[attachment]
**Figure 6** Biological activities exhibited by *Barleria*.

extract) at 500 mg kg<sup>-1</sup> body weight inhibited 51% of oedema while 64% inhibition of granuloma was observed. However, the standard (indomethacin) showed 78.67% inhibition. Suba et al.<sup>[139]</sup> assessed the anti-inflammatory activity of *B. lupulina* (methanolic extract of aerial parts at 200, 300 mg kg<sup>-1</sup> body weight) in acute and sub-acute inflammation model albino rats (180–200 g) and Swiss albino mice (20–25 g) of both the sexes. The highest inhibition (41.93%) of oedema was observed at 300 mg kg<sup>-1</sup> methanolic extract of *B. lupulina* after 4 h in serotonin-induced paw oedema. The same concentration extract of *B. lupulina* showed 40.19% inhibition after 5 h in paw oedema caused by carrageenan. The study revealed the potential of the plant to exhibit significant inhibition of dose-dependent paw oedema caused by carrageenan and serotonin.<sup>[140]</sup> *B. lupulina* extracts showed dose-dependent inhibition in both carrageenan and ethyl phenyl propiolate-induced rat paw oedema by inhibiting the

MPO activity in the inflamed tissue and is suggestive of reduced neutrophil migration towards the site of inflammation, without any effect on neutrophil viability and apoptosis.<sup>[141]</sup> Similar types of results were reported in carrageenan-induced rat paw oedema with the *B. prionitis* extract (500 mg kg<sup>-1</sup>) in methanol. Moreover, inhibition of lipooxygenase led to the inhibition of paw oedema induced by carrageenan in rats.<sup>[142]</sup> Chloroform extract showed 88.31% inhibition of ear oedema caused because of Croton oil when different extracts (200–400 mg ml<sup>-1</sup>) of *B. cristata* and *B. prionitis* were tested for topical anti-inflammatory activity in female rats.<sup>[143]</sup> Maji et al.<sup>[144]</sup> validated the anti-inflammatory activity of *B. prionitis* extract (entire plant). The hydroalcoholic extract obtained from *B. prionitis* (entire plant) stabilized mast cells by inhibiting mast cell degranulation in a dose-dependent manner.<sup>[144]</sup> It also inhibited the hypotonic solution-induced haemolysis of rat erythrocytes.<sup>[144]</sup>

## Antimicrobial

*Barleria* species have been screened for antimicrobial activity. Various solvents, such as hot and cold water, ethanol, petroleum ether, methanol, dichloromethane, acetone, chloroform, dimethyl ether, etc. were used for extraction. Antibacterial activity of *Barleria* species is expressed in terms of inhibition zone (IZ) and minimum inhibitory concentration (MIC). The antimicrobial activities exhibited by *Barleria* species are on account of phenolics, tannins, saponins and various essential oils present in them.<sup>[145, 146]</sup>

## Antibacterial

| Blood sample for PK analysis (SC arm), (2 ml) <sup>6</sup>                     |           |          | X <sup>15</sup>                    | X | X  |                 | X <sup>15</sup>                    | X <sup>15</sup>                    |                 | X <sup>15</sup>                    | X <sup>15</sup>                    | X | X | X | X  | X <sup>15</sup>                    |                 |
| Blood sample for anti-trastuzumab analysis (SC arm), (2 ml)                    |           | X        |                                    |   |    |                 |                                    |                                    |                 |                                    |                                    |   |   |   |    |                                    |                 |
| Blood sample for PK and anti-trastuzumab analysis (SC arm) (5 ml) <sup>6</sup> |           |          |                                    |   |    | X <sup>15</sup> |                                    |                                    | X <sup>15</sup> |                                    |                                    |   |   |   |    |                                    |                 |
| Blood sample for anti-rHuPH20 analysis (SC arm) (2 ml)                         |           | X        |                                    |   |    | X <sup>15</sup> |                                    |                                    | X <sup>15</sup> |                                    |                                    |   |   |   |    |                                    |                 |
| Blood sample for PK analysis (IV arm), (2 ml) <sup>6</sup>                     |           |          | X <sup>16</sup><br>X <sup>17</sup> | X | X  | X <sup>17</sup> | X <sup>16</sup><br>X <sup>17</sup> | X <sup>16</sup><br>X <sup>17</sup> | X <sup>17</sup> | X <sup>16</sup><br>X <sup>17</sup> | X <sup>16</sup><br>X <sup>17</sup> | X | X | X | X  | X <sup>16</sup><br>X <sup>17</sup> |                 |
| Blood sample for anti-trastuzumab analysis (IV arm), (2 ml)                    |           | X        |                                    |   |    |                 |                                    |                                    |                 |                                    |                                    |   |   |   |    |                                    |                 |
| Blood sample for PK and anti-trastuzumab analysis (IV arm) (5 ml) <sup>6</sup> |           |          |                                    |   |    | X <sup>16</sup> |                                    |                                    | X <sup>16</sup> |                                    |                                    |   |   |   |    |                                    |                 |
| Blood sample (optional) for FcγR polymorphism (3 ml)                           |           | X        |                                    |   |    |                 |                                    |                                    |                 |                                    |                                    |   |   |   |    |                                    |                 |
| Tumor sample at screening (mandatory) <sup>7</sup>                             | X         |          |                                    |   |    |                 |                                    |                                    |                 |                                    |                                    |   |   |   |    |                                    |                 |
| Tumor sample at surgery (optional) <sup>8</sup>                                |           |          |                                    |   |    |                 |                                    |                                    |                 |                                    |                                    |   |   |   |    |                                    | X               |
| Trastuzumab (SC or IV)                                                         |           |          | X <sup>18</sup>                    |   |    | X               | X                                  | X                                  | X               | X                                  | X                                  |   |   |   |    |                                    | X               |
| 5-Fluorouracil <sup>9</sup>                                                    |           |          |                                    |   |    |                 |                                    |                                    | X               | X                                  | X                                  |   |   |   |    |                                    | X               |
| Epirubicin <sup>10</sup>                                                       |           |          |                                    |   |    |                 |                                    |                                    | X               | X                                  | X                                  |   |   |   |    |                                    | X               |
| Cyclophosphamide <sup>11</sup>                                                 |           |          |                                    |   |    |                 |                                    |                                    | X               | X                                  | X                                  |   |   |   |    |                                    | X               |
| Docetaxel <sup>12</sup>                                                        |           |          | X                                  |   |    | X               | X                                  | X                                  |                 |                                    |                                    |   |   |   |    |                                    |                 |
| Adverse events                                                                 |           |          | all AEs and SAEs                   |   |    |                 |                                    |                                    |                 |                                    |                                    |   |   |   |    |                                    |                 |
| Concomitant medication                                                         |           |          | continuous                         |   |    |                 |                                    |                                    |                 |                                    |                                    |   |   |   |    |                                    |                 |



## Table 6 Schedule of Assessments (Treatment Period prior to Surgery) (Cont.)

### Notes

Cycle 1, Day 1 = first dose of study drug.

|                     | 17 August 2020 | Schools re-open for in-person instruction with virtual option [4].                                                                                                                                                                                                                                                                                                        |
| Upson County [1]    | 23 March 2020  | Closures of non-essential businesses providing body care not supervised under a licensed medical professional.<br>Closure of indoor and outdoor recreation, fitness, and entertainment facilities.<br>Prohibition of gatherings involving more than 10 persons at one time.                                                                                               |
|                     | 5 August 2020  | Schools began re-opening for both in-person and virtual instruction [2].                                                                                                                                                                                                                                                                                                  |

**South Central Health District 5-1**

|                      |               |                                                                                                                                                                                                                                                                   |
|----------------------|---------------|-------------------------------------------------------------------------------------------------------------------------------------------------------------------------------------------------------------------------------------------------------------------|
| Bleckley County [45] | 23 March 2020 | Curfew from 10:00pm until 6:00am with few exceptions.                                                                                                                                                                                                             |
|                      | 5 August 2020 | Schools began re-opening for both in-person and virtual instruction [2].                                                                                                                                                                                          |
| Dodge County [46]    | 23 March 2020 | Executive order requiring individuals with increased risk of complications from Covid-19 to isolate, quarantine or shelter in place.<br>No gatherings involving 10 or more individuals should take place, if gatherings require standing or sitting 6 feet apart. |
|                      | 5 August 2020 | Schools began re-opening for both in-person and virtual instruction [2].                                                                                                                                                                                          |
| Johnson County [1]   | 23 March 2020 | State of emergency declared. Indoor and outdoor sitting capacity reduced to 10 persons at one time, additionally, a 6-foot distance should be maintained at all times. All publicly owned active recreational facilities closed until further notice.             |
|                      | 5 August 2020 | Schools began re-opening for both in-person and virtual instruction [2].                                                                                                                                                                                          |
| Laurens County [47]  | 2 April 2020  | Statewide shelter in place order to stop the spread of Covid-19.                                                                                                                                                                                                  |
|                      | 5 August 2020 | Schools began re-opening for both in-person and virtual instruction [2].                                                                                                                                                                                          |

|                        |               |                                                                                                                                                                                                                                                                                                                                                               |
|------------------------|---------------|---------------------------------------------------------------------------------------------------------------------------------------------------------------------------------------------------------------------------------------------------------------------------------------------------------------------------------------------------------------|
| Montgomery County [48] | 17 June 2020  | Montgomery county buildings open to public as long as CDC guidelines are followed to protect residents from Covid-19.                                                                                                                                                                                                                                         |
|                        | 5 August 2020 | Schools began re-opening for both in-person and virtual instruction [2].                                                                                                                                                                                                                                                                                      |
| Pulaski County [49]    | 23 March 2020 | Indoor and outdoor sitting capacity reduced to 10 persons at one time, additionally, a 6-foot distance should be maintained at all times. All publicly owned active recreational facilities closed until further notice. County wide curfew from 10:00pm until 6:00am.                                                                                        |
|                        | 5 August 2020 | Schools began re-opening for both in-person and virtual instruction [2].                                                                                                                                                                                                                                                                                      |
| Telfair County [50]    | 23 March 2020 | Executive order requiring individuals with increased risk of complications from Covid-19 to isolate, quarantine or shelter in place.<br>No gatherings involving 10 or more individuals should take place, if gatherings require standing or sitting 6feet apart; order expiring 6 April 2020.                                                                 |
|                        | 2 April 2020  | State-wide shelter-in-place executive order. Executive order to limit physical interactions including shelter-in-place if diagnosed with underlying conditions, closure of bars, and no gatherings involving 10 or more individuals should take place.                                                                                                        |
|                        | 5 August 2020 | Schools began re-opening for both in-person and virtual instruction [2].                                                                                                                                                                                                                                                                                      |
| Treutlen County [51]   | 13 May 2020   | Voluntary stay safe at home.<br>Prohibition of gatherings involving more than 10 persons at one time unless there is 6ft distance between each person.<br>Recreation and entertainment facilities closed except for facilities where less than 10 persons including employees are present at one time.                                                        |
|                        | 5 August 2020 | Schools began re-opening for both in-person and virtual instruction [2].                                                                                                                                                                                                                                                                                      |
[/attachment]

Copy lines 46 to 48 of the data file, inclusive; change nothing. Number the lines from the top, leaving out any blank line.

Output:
|                        | 5 August 2020 | Schools began re-opening for both in-person and virtual instruction [2].                                                                                                                                                                                                                                                                                      |
| Telfair County [50]    | 23 March 2020 | Executive order requiring individuals with increased risk of complications from Covid-19 to isolate, quarantine or shelter in place.<br>No gatherings involving 10 or more individuals should take place, if gatherings require standing or sitting 6feet apart; order expiring 6 April 2020.                                                                 |
|                        | 2 April 2020  | State-wide shelter-in-place executive order. Executive order to limit physical interactions including shelter-in-place if diagnosed with underlying conditions, closure of bars, and no gatherings involving 10 or more individuals should take place.                                                                                                        |